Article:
Reach-up and touch your right collar bone. Run your fingers to the right along this horizontal bone until you get to the very top of your shoulder. At some point as you traverse over one or two bumps, what you are feeling is part of your “shoulder-blade” which wraps around from your back to make contact with your collar-bone. Parts of your shoulder-blade and collar-bone come together and form what is essentially a “roof” on top of each shoulder. This overhang protects part of the rotator-cuff muscle that lies beneath it from practical everyday things like straps on heavy bags. On the other hand, when you raise your arm overhead the space between this bony roof and the very top of your shoulder bone gets very tight for the muscle and related structures that lie directly underneath. It is classically thought that this anatomical arrangement paired with excessive overhead activities such as swimming, tennis, or pushing heavy weights upwards can lead to what is termed shoulder “impingement syndrome.” This results in the underlying muscle tissue getting excessively pinched or squeezed. Shoulder pain and weakness can result making it difficult to lift objects and reach the hand overhead. Physical therapists evaluate “impingement syndrome” and determine individualized treatment regimens that a person can safely do in order to promote an optimal environment for the body to heal itself.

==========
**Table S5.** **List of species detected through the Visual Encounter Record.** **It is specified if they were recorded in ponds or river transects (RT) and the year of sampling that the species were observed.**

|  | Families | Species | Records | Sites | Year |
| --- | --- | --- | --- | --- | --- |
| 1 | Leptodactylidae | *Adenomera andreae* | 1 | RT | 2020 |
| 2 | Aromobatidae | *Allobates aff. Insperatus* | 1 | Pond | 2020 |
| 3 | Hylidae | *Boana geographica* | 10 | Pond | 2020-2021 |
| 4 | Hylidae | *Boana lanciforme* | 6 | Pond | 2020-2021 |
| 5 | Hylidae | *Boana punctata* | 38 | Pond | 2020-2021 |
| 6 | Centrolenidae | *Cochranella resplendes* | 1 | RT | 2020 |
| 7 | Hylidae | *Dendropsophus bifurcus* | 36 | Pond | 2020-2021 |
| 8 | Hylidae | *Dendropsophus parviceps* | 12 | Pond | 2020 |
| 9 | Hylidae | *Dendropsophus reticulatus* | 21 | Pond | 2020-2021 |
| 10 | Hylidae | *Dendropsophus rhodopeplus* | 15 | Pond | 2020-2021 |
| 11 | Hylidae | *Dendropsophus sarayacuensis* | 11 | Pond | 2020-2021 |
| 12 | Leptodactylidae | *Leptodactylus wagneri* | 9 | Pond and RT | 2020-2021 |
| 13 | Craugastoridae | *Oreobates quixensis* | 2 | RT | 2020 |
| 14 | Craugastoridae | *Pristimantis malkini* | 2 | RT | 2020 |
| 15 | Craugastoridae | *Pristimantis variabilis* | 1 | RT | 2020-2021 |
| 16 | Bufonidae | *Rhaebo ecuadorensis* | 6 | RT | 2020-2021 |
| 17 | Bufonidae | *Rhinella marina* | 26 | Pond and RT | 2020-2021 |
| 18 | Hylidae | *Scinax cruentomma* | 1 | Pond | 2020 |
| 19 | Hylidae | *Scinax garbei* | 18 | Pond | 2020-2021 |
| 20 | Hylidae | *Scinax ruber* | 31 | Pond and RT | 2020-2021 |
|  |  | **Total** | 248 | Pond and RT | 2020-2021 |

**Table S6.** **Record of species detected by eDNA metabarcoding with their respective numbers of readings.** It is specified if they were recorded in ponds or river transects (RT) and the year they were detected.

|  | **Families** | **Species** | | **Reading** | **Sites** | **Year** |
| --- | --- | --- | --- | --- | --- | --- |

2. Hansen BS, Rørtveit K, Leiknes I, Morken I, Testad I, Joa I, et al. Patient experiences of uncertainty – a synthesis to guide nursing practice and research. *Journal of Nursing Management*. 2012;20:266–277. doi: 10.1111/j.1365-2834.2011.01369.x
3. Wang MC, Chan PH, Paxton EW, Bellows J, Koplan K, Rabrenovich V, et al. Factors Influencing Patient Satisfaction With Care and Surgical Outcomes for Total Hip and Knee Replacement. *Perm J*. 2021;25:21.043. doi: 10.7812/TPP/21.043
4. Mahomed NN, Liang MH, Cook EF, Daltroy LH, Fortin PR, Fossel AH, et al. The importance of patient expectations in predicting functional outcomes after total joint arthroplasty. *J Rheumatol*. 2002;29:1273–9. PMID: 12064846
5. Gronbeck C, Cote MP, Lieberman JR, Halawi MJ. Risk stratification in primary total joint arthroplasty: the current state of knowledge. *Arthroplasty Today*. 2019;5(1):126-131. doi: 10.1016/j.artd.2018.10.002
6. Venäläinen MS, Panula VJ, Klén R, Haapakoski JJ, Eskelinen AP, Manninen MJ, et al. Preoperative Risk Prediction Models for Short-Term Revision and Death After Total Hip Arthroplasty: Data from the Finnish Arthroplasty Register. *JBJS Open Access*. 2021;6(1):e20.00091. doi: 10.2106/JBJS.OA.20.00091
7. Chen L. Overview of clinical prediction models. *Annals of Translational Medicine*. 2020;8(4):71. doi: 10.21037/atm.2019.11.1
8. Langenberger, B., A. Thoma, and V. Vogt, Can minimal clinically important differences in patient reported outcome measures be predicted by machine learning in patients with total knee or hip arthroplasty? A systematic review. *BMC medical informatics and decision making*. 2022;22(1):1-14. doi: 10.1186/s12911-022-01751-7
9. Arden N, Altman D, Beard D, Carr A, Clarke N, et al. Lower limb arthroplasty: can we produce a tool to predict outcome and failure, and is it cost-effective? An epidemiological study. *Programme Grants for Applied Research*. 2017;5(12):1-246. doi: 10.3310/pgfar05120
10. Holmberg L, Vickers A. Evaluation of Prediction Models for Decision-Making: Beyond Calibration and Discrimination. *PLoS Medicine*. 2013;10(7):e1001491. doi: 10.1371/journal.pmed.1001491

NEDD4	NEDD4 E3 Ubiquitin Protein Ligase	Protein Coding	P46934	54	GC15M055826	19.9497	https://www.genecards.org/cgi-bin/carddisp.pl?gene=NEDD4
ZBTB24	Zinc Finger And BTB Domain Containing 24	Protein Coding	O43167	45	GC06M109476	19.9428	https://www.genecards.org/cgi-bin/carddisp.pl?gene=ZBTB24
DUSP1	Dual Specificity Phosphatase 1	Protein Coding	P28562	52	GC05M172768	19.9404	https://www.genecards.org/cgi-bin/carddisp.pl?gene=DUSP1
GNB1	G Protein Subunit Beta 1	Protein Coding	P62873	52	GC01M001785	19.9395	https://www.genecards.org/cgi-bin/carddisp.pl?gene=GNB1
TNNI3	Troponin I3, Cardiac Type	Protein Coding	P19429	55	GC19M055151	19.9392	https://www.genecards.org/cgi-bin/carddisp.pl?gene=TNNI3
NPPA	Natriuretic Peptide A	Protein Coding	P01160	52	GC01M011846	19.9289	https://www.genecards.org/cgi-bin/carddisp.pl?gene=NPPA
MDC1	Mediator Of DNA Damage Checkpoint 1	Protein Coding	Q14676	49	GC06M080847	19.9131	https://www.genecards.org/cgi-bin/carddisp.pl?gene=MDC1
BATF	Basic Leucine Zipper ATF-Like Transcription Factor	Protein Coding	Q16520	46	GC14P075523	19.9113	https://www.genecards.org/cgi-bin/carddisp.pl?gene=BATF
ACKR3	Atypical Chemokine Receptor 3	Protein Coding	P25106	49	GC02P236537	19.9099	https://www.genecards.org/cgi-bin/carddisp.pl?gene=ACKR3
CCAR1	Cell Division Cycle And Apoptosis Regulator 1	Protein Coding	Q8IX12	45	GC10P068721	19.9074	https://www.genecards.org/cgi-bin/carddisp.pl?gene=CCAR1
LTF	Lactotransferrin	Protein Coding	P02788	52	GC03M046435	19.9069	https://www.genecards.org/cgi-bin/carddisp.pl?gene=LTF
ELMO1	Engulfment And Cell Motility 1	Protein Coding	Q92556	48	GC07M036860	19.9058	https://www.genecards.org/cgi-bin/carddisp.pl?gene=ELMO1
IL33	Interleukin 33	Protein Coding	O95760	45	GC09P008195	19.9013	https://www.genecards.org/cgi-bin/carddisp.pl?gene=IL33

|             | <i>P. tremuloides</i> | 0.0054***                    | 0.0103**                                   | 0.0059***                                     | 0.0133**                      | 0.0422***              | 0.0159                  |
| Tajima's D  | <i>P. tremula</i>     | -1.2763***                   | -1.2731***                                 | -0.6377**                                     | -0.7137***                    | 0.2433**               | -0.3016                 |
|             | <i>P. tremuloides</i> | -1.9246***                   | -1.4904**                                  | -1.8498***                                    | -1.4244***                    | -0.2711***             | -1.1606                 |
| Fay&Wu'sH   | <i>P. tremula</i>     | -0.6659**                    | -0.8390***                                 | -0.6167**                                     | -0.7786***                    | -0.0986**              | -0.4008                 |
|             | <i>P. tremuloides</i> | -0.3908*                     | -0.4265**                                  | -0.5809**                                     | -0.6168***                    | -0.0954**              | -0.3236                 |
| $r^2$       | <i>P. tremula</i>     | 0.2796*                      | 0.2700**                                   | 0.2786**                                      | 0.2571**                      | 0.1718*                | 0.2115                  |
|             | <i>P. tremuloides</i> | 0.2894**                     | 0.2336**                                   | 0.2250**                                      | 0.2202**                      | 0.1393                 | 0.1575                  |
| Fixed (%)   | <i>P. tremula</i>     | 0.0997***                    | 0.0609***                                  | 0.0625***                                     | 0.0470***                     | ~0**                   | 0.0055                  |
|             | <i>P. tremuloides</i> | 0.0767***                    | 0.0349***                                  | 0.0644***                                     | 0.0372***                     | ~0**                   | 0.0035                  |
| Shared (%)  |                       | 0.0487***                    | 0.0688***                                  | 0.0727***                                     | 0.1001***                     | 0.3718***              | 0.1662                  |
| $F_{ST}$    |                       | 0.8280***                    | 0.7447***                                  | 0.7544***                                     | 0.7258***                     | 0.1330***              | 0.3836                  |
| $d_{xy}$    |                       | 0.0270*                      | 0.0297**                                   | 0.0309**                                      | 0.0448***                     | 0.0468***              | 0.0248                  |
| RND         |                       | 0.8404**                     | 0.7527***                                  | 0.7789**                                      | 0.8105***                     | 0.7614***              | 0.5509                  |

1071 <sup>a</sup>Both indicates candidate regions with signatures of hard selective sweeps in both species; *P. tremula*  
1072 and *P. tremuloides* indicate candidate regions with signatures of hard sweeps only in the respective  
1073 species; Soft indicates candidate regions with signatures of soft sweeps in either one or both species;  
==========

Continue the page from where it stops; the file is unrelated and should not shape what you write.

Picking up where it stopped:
Anna Kotula, DPT